It is not known how many Indians were enslaved by the Europeans, but they certainly numbered in the tens of thousands. It is estimated that Carolina merchants operating out of Charles Town shipped an estimated 30,000 to 50,000 Indian captives between 1670 and 1715 in a profitable slave trade with the Caribbean, Spanish Hispaniola, and northern colonies. Because of the higher transportation costs of bringing blacks from Africa, whites in the northern colonies sometimes preferred Indian slaves, especially Indian women and children, to blacks. Carolina actually exported as many or even more Indian slaves than it imported enslaved Africans prior to 1720. The usual exchange rate of captive Indians for enslaved Africans was two or three Indians to one African.

Until late in the 18th century, Indian slaves worked on English plantations along side African slaves and even, occasionally, white indentured servants. Women and children frequently were used as menial laborers or domestic servants. By 1720, most whites in the southeastern British colonies preferred enslaved Africans to Indians for obvious reasons. Indians could, for one thing, more easily run away into the wilderness. Also, Europeans always feared the possibility of a coalition of enslaved Africans and enslaved Indians, aided by free Indians on the frontier. What’s more, English settlers played the Indians off against one another in the various Indian wars or wars of empire fought between European colonial powers, using them as allies or as paid mercenaries. Additionally, Europeans commonly believed that Native American men, culturally conditioned to be hunters, considered fieldwork to be women’s work, and that Indian warriors would not adapt easily to agricultural labor in comparison to enslaved Africans. Most importantly, the demand for enslaved labor in the tobacco and rice plantations came to far exceed the potential supply of Indian captives, especially once European diseases began to decimate Indian populations and once the Indians began to more effectively resist European powers.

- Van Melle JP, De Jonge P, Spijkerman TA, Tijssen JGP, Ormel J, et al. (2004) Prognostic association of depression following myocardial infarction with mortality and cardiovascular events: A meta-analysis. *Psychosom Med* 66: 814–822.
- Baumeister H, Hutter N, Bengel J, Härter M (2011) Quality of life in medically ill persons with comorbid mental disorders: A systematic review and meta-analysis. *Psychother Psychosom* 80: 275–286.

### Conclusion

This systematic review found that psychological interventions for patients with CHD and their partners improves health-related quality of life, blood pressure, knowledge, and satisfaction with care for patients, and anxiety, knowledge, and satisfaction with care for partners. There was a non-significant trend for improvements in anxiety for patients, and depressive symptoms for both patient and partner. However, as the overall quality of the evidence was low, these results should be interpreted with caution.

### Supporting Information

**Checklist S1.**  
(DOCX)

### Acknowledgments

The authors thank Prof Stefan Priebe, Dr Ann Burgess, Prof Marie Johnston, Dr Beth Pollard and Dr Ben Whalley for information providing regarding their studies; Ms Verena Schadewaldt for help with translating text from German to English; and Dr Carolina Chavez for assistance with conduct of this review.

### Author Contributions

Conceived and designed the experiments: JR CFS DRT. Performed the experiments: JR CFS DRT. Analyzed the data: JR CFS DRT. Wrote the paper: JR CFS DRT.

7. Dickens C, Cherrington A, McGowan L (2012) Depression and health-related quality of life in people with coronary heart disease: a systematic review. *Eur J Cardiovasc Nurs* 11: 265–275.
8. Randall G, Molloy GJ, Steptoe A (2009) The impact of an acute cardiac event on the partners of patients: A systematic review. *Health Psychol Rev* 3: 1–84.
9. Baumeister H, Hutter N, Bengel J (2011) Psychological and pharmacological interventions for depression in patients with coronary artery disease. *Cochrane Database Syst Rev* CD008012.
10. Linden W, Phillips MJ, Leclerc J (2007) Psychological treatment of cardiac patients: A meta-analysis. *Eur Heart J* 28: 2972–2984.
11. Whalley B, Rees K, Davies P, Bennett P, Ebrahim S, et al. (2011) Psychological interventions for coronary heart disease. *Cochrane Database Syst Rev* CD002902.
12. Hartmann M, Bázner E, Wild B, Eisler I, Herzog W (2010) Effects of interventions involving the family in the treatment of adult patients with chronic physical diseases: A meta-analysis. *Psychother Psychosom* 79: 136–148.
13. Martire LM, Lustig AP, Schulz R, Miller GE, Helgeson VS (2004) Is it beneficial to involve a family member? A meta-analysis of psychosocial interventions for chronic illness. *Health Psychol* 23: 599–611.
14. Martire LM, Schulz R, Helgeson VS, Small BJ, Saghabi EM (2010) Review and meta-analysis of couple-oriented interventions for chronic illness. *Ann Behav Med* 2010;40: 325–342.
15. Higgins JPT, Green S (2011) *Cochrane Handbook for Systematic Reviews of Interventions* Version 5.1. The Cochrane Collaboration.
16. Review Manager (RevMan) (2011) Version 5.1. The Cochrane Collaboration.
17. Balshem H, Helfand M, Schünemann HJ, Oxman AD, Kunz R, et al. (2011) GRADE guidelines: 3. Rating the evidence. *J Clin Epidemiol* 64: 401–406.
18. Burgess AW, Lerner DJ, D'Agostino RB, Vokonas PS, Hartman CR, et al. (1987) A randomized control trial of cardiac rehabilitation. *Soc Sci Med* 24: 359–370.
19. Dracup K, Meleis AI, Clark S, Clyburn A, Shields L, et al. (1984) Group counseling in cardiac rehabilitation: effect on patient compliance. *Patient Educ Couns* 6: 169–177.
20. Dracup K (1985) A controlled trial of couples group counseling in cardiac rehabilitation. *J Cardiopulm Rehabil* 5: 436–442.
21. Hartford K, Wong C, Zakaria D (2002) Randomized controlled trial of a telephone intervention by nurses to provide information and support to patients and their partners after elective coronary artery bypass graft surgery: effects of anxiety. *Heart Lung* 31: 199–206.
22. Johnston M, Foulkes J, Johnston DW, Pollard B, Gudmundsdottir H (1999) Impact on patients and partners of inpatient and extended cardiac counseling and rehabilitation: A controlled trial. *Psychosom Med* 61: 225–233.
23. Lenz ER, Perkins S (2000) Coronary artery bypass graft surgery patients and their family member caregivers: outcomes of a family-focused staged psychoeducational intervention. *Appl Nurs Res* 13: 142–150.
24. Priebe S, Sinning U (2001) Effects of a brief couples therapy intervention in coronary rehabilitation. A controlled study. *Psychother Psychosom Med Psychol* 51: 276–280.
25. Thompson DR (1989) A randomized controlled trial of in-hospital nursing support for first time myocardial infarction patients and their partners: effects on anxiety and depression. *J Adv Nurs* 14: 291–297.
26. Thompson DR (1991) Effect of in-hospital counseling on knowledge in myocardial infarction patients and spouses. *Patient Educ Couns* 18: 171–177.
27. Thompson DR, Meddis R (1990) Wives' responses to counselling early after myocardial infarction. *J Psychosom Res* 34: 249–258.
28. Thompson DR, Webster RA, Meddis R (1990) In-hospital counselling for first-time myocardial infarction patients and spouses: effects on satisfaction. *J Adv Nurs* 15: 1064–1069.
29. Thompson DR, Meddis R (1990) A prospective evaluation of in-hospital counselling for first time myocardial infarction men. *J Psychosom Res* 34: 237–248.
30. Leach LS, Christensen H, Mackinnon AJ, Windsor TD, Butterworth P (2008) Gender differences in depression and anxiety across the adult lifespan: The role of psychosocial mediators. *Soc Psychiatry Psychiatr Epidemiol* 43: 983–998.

The Indian slave trade lasted only until around 1730, and it was characterized by a series of devastating wars among the tribes. Those Indians nearer the European settlements raided tribes farther in the interior in the quest for slaves to be sold, especially to the British. Before 1700, the Westos in Carolina dominated much of the Indian slave trade until the English, allied with the Savannah, who resented Westo control of the trade, wiped them out. The Westo tribal group was completely eliminated; its survivors were scattered or else sold into slavery in Antigua.
A similar pattern of friendly and then hostile relations among the English and Indians followed in the southeastern colonies. For example the Creek, a loose confederacy of many different groups who had banded together to defend themselves against slave-raiding, allied with the English and moved on the Apalachee in Spanish Florida, destroying them as a group of people in the quest for Indian slaves. These raids also destroyed several other Florida Indian tribes, including the Timucua. Indeed, most of the colonial-era Indians of Florida were killed, enslaved, or scattered. It is estimated that English-Creek raids on Florida yielded 4,000 Indian slaves between 1700 and 1705.